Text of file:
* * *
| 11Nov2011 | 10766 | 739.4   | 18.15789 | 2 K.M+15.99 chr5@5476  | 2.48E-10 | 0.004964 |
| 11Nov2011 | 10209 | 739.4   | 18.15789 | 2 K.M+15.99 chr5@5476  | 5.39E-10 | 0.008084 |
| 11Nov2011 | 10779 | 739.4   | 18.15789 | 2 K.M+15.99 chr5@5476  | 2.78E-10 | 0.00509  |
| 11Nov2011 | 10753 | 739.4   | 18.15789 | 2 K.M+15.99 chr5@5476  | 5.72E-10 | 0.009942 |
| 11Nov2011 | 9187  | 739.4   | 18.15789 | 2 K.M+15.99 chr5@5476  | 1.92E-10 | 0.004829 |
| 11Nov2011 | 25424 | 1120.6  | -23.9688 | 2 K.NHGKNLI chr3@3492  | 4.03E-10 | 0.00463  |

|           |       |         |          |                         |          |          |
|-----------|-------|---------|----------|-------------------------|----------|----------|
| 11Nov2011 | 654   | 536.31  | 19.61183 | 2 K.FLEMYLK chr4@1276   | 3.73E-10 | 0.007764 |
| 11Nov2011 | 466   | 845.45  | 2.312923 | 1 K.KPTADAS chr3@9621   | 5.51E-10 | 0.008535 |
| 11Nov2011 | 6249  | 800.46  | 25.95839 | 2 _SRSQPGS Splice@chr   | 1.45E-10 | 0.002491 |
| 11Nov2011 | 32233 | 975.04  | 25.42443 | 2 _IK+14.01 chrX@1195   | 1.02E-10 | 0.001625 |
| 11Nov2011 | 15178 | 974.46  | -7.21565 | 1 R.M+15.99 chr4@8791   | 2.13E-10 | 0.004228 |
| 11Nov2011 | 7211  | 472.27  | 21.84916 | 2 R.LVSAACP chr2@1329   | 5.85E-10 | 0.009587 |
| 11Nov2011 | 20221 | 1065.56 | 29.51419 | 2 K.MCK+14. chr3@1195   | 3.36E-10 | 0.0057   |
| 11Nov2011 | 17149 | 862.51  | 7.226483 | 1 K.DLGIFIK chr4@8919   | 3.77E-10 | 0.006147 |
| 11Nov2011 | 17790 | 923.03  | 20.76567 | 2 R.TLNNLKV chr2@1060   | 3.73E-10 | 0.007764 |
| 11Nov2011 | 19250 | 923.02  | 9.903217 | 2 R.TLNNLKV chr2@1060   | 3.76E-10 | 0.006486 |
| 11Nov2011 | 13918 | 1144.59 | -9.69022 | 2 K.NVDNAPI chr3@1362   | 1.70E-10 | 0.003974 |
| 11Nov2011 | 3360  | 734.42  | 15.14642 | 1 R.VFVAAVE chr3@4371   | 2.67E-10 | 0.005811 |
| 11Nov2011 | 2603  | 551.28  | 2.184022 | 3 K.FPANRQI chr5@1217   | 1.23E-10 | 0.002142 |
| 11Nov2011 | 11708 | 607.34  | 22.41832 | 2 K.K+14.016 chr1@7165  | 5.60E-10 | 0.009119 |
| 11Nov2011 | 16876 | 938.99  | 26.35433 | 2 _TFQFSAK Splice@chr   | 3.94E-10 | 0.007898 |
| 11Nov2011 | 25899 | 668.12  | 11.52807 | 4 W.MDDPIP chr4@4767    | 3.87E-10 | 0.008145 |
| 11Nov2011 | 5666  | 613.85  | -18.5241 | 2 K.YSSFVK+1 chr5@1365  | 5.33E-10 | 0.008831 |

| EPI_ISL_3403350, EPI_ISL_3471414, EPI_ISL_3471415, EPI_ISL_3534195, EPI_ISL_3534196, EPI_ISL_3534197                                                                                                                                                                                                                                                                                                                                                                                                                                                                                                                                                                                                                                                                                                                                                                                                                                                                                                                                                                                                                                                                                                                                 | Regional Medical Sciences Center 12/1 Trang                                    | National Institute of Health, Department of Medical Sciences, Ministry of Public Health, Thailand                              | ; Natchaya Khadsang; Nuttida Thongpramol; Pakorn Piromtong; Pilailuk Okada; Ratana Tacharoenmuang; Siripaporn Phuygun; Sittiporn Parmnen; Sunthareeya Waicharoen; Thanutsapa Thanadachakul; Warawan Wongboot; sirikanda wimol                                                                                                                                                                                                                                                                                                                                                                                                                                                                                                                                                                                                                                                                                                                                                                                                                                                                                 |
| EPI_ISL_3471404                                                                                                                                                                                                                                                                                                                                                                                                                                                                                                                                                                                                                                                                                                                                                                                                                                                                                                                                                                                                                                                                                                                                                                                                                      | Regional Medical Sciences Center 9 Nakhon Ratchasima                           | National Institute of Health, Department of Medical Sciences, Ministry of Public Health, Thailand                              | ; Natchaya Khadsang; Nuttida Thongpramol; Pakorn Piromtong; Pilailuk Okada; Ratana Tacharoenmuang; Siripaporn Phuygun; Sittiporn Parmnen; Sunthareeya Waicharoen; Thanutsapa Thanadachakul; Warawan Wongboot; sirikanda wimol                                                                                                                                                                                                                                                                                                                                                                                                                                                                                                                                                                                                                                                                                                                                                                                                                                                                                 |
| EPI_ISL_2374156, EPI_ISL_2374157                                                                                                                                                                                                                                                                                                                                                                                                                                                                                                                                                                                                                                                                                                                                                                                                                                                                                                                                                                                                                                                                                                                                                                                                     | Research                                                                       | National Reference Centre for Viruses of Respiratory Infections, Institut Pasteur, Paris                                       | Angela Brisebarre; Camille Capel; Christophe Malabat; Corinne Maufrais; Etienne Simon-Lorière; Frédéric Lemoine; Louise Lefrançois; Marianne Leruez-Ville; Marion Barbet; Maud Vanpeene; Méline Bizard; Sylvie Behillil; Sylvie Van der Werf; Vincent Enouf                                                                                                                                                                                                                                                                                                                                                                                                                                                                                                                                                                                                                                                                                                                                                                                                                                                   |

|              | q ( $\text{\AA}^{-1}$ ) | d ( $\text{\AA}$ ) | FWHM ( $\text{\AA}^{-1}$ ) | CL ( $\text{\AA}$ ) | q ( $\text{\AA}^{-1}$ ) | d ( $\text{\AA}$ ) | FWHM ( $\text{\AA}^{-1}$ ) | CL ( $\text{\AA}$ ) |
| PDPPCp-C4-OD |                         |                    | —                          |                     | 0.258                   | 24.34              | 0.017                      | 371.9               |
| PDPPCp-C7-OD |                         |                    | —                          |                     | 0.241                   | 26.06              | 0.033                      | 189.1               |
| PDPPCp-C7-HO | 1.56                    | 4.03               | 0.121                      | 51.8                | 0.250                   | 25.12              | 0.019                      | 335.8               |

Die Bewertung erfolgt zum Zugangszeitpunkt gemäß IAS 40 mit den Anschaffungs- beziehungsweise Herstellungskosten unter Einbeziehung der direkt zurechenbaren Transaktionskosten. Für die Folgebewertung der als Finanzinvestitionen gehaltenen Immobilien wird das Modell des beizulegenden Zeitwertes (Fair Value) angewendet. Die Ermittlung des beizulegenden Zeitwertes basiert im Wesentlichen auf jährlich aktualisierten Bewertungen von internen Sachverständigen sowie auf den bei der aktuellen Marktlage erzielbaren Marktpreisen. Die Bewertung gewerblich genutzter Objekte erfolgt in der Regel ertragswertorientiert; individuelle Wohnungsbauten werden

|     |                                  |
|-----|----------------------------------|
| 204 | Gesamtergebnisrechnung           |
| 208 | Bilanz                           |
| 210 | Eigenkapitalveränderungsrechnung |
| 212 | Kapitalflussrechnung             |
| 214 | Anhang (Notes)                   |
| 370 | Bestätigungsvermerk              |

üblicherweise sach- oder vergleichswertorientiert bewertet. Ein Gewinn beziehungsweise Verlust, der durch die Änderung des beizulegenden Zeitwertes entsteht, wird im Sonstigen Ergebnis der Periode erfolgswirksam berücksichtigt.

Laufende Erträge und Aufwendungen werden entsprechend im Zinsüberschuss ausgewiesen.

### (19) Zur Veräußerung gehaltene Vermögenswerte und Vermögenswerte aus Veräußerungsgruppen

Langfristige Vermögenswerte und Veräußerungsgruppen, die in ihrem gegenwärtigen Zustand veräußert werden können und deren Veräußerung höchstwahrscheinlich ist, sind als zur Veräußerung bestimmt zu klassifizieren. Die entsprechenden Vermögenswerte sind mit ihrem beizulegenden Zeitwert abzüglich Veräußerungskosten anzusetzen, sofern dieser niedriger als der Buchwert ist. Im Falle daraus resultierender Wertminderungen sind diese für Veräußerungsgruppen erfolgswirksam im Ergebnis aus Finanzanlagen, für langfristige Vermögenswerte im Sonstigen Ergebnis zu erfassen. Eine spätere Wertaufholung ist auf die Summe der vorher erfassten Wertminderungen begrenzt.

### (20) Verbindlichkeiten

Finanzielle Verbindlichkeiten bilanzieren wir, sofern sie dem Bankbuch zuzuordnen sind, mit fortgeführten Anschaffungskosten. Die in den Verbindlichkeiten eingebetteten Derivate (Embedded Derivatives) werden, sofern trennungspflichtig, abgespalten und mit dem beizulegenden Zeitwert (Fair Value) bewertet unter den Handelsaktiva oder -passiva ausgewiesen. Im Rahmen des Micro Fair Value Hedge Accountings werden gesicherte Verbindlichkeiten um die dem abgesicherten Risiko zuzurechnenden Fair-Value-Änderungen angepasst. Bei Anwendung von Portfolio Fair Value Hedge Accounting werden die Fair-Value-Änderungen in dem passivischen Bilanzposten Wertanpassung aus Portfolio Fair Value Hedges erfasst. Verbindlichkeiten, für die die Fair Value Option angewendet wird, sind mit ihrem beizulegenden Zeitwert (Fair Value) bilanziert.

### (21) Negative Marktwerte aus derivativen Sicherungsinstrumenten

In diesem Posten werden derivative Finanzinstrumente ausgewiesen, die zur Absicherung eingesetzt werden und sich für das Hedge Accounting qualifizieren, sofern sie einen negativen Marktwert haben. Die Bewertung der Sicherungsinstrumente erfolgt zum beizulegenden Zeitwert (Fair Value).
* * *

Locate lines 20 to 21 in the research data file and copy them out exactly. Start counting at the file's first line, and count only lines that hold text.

| 11Nov2011 | 3360  | 734.42  | 15.14642 | 1 R.VFVAAVE chr3@4371   | 2.67E-10 | 0.005811 |
| 11Nov2011 | 2603  | 551.28  | 2.184022 | 3 K.FPANRQI chr5@1217   | 1.23E-10 | 0.002142 |